Ann had the im­pres­sion that there was a lot at stake in this club. “It’s not like in the book clubs that I’m part of, where it’s more so­cial,” says the small-town Pic­ton na­tive, who de­voured li­brary books as a child, started her first book club at nine, and has since been a mem­ber of many a wine-and-cheese lit­er­ary gath­er­ing. “For these guys it could be a ‘life and death’ kind of thing. This could be the lever to get them out of prison – if they can en­gage in a new way within so­ci­ety when they leave. So I got that sense from some of the men – that they were in­vest­ing in this in a big way.”

Mary Ann Shaf­fer and An­nie Bar­rows’s his­tor­i­cal novel The Guernsey Lit­er­ary and Potato Peel Pie So­ci­ety was a firm favourite, but the tome that re­ally got the men talk­ing was one they mu­tu­ally dis­liked. “It was Se­bas­tian Junger’s War,” says Ann, re­mem­ber­ing that while they found the book ‘dull’, its theme of in­sti­tu­tion­al­i­sa­tion struck a nerve. “One of the fel­lows, Ben, ac­tu­ally vol­un­teered that he felt in­sti­tu­tion­alised. He said, ‘I’m like those sol­diers, and anx­ious about go­ing back on [the] out­side. I’m used to the way things hap­pen here, I’m used to my cof­fee in the cafe­te­ria and the prison’, and an­other group of in­mates re­ally were riled by that com­ment… You kind of felt that they might take it out­side to the yard later.”

We got a LET­TER from them say­ing, ‘There’s no BOOK CLUB up here, can you COME and START one?’

De­spite such heated de­bates, Ann be­lieves the club pro­vided some­thing of a haven for these men, say­ing it was “where they could ex­tract them­selves from the more dan­ger­ous as­pects of prison life… and get away from the bore­dom”. The ben­e­fit to their lit­er­acy lev­els, too, was con­sid­er­able. Ac­cord­ing to the Lit­er­acy and Polic­ing Project, 79 per cent of Cana­dian fed­eral in­mates don’t have their high school diploma, while 65 per cent have lit­er­acy lev­els worse than a grade eight stu­dent.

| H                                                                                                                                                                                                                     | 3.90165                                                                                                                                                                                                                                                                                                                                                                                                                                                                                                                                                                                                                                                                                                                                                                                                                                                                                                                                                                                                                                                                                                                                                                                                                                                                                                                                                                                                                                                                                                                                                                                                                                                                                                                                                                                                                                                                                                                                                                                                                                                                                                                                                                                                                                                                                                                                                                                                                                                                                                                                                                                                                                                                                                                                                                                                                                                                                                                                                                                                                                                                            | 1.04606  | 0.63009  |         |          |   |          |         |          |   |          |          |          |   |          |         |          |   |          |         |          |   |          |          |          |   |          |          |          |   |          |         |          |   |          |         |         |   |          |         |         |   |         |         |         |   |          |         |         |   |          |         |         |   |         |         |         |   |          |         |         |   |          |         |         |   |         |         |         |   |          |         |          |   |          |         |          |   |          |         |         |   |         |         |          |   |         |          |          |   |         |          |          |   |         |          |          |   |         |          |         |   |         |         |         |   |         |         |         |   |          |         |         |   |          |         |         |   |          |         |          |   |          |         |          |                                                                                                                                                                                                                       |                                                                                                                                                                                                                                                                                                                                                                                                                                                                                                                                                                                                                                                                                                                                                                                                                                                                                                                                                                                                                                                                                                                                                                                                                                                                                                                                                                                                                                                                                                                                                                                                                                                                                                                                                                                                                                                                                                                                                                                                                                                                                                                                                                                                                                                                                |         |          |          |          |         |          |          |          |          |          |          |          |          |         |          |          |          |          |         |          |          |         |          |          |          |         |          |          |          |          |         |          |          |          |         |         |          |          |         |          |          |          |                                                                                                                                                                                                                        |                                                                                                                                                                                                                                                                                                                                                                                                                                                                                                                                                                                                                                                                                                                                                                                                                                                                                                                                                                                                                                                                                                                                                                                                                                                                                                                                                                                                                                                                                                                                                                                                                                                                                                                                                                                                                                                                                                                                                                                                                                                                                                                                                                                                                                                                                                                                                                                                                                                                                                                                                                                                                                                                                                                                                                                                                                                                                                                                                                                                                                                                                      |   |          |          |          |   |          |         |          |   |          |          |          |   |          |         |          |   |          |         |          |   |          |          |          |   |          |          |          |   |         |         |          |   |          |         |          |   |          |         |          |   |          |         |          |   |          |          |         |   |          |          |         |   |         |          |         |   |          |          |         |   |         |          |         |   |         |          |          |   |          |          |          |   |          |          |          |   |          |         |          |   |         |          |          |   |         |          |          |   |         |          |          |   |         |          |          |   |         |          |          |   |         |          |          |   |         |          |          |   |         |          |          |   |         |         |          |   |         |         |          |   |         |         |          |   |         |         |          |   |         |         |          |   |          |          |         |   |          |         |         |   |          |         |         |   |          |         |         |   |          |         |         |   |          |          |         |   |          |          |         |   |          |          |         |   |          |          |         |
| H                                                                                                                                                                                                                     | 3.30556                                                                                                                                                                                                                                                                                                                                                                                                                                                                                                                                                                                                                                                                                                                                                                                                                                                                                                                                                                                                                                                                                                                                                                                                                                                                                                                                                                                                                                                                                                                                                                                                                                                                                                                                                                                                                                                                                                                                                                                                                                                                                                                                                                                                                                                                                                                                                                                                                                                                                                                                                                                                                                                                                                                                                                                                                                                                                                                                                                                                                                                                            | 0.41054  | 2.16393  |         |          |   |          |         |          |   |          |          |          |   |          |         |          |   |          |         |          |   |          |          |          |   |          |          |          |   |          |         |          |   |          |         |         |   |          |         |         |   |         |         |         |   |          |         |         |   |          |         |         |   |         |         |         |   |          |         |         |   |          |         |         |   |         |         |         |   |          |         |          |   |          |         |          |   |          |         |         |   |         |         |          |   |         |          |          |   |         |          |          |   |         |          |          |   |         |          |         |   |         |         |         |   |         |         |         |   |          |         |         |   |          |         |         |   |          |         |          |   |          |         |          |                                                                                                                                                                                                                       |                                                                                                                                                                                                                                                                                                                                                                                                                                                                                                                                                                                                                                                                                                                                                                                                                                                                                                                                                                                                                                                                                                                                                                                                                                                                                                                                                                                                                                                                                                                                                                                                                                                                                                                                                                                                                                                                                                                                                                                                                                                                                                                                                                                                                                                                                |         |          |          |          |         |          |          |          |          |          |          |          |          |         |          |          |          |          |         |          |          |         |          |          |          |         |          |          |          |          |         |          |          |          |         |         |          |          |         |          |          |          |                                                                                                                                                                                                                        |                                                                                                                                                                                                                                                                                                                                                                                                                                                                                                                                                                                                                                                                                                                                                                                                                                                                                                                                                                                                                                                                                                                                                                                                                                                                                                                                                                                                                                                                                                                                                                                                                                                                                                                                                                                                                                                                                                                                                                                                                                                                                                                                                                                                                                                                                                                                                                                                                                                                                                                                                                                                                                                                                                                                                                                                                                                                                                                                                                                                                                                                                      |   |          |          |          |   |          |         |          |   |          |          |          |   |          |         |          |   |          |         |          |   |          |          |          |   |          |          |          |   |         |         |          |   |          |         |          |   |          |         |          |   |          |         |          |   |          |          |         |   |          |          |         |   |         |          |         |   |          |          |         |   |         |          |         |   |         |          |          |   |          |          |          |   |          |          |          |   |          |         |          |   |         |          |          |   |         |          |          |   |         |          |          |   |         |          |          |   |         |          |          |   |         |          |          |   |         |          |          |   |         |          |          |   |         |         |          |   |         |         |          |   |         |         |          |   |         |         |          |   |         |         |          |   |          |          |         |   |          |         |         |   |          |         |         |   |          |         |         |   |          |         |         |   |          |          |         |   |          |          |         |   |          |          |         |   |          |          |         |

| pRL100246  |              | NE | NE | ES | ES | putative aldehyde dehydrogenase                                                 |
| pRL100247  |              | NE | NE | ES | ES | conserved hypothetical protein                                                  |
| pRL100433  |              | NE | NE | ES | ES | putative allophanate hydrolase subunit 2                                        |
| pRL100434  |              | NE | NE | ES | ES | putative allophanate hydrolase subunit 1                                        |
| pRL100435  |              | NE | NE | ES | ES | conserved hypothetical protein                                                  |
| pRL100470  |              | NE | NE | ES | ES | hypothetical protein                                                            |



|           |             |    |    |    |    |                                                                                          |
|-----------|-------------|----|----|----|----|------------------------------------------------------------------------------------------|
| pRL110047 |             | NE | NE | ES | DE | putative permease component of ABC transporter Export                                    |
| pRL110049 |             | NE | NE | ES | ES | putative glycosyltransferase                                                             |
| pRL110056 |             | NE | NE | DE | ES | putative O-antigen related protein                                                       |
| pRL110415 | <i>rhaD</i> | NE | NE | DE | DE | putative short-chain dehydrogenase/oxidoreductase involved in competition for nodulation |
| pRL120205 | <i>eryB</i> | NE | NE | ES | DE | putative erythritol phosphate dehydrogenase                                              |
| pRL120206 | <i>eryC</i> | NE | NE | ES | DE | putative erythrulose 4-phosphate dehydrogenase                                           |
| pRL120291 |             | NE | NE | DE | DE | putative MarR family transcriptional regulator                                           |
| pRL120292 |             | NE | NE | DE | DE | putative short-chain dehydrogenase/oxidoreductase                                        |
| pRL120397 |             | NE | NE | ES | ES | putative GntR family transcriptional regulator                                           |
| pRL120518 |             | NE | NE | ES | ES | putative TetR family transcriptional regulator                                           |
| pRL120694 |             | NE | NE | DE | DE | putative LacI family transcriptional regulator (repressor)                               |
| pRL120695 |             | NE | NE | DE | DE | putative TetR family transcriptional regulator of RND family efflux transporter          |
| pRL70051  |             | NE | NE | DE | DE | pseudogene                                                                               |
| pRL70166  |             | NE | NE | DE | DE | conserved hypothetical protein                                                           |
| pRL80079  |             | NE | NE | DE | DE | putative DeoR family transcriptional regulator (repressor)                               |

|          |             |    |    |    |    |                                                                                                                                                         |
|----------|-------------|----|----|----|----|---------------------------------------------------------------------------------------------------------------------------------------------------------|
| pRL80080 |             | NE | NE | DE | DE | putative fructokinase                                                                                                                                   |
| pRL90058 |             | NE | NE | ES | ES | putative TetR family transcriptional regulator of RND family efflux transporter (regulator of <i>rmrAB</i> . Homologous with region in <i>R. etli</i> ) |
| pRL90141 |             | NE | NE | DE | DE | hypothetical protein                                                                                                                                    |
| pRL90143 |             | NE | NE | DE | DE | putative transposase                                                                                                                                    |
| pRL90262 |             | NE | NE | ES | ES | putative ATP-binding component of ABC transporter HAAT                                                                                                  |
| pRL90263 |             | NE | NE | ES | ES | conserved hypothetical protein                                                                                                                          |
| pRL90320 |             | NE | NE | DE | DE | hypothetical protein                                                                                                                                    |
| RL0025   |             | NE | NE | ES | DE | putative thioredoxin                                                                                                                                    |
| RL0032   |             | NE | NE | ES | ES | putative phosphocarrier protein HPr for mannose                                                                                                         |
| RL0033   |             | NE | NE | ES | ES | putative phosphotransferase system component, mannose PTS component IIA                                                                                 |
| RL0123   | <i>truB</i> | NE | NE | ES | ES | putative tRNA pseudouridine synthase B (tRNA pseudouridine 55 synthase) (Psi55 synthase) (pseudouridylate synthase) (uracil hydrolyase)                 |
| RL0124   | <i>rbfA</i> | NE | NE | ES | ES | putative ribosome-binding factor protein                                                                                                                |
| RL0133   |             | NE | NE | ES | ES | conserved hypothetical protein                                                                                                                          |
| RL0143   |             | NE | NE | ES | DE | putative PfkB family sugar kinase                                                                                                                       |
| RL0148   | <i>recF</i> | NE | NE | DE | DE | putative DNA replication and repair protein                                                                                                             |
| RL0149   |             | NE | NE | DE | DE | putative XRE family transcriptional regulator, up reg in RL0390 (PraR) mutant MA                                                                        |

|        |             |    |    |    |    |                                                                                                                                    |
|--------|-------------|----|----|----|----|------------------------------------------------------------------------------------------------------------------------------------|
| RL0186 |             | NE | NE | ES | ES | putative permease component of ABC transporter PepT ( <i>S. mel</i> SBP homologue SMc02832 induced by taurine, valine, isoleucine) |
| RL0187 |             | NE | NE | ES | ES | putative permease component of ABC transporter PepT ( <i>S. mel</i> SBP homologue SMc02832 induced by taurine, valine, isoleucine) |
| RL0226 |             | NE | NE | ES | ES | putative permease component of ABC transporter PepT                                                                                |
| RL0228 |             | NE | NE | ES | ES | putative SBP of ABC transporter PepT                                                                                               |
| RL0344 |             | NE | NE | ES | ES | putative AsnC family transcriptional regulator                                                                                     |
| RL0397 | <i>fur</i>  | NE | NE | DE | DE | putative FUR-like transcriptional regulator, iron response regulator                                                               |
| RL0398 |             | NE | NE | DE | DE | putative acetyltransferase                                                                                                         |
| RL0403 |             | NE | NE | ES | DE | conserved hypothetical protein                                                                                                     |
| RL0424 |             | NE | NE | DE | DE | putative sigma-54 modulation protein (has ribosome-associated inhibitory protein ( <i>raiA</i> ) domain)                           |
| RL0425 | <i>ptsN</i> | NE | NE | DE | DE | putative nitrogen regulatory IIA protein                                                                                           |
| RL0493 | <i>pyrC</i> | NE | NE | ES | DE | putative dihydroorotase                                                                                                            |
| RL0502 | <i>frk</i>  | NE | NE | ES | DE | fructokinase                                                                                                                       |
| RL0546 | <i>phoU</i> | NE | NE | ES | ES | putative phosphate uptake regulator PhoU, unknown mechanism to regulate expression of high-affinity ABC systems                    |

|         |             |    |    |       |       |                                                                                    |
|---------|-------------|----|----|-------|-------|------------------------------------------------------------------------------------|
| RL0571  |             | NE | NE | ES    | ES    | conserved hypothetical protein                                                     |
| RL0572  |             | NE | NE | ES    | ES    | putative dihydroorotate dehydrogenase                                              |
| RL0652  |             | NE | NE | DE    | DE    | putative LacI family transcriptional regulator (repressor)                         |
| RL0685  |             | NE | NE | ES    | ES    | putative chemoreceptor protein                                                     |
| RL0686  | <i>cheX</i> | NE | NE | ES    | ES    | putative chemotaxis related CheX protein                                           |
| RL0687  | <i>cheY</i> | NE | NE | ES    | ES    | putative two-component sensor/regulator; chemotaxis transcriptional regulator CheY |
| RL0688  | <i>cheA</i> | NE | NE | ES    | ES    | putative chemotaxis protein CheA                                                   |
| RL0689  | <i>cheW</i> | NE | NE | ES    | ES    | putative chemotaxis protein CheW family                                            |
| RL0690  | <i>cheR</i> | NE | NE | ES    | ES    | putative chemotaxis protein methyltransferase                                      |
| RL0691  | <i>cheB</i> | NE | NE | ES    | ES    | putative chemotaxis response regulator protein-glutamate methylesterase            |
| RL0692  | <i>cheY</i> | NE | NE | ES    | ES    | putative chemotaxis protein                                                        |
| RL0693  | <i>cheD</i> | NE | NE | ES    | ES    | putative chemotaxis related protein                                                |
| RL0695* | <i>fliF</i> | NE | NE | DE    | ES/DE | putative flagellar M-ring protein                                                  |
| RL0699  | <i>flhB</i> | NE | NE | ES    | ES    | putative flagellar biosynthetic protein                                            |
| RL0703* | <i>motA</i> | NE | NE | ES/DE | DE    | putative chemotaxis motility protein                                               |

At Collins Bay, some of the mem­bers may have strug­gled with the read­ing, but the printed words were only one as­pect of the book club. “It’s not just the read­ing of the book, it’s the act of dis­cus­sion,” says Ann. “Try­ing your ideas out with other in­mates. Be­ing pre­pared to lis­ten to their ar­gu­ments and maybe even have your point of view changed.”

A sea­soned book reviewer and English ma­jor, Ann was sur­prised by how much the in­mates taught her (Gas­ton the bank rob­ber, for one, in­spired her to pick up the work of 18th-cen­tury es­say­ist Charles Lamb). She was also taken aback by how much she laughed. “They tease each other a lot, so you feel you’re part of this ca­ma­raderie” – and this sol­i­dar­ity sank deep, as the in­mates them­selves pointed out. “Typ­i­cally in­side prison the white in­mates don’t speak to the black in­mates, don’t speak to the in­dige­nous or abo­rig­i­nal in­mates, and they’re all in their par­tic­u­lar sort of eth­nic ghet­tos, whereas in this book club, some of these walls were be­ing bro­ken down,” says Ann. Pris­on­ers’ self-es­teem also en­joyed a boost (“they were over­whelmed that some­body would want to come in and hear what they had to say about a book”) and the in­mates started meet­ing prior to the monthly ses­sion to com­pare notes.

“When two of the fel­lows, Frank and Gra­ham, were trans­ferred to the min­i­mum-se­cu­rity prison, we got a let­ter from them say­ing, ‘There’s no book club up here, can you come and start one?’”